When blood becomes clotted, this can either narrow or entirely block your blood vessels. When a vessel is partially (or completely) blocked, you can experience poor circulation. It’s also what often leads to strokes and heart attacks.
Raynaud’s disease is similar to PAD in that it results in the narrowing of the blood vessels. However, this disease usually affects the vessels in the hands and feet, which leads to chronic poor circulation in those areas.
It can also affect the lips, nipples, ears, and nose.
We’ve already mentioned how type 2 diabetes is linked to PAD, which can lead to poor circulation. PAD is usually the underlying cause of the poor circulation linked to diabetes.
Obesity is linked to diabetes, high cholesterol, and excess vessel blockages, all of which can contribute to poor circulation. Obesity is also linked to high blood pressure because of all the extra fat tissue and cells that need blood flow. This can overwork the heart, weaken blood vessel walls, and overall lead to poor circulation.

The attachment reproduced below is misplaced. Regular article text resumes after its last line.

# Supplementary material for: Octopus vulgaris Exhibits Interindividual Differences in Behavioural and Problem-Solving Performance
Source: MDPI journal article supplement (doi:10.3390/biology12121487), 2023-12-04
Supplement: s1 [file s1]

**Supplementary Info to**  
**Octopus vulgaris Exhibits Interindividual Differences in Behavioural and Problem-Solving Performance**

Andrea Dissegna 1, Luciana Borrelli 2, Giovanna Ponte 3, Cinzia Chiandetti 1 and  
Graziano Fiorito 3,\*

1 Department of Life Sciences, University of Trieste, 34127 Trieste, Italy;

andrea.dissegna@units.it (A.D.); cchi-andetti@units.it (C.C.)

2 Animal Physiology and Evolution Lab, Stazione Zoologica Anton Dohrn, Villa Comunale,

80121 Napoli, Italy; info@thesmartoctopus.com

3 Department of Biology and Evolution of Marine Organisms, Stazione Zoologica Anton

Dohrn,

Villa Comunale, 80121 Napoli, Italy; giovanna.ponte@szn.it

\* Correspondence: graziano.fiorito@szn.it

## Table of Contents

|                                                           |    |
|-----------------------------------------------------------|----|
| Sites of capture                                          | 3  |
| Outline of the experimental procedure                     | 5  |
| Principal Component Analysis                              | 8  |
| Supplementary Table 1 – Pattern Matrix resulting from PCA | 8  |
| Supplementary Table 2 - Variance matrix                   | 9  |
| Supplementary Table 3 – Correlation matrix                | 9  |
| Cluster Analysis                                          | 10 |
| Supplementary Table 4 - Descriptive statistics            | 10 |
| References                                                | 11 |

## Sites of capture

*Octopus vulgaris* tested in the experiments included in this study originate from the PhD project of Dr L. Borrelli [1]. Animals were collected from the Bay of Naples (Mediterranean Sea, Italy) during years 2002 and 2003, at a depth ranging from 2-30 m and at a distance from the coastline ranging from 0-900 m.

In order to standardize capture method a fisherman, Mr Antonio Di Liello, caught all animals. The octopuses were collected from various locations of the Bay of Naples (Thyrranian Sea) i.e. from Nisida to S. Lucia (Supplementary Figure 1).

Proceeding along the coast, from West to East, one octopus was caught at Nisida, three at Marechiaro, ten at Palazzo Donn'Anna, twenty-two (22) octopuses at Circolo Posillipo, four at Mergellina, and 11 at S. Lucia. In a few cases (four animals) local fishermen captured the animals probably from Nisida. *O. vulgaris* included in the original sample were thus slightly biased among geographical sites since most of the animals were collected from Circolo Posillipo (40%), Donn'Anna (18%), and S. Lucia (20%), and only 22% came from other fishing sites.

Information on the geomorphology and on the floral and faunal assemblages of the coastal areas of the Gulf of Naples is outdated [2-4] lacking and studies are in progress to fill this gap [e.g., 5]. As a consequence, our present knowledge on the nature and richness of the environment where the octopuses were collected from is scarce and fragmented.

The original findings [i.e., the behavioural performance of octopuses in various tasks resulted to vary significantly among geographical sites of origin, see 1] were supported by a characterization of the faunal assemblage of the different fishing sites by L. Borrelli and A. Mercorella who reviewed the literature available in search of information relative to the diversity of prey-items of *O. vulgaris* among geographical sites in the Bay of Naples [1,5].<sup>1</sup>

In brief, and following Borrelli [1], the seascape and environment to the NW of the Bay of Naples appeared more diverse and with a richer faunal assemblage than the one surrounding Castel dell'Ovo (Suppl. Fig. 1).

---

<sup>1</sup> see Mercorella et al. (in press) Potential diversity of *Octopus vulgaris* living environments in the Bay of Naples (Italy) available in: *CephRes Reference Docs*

Poor Circulation Symptoms
Now that you know some of the most common causes of poor circulation, let’s look at the most common symptoms you may experience if you have poor circulation.
1. Cold Fingers, Toes, Hands, and Feet
Poor circulation mainly affects the extremities. This is because the extremities like the hands and feet are the farthest away from the heart, which is where blood is pumped to and from. Poor circulation means that it’s harder for your body to pump blood, which means the things farther away from the heart are likely not going to get much blood flow.
Because of this lack of blood flow reaching the hands and feet, it’s common for those with poor circulation to feel constantly cold in the fingers, toes, hands, and feet.
2. Aching/Cramping in the Limbs
Poor blood flow to the extremities and limbs can lead to cramping and aching in those muscles. This is especially true in the legs, which you might notice more when walking around.
You also may notice that your feet and legs hurt more when you’re laying down. That’s because when you’re walking, gravity can help force some blood flow to your legs, even if you do have bad circulation.
But when you lay down, gravity isn’t on your side. This leads to even more restricted blood flow to your legs and feet, which leads to pain.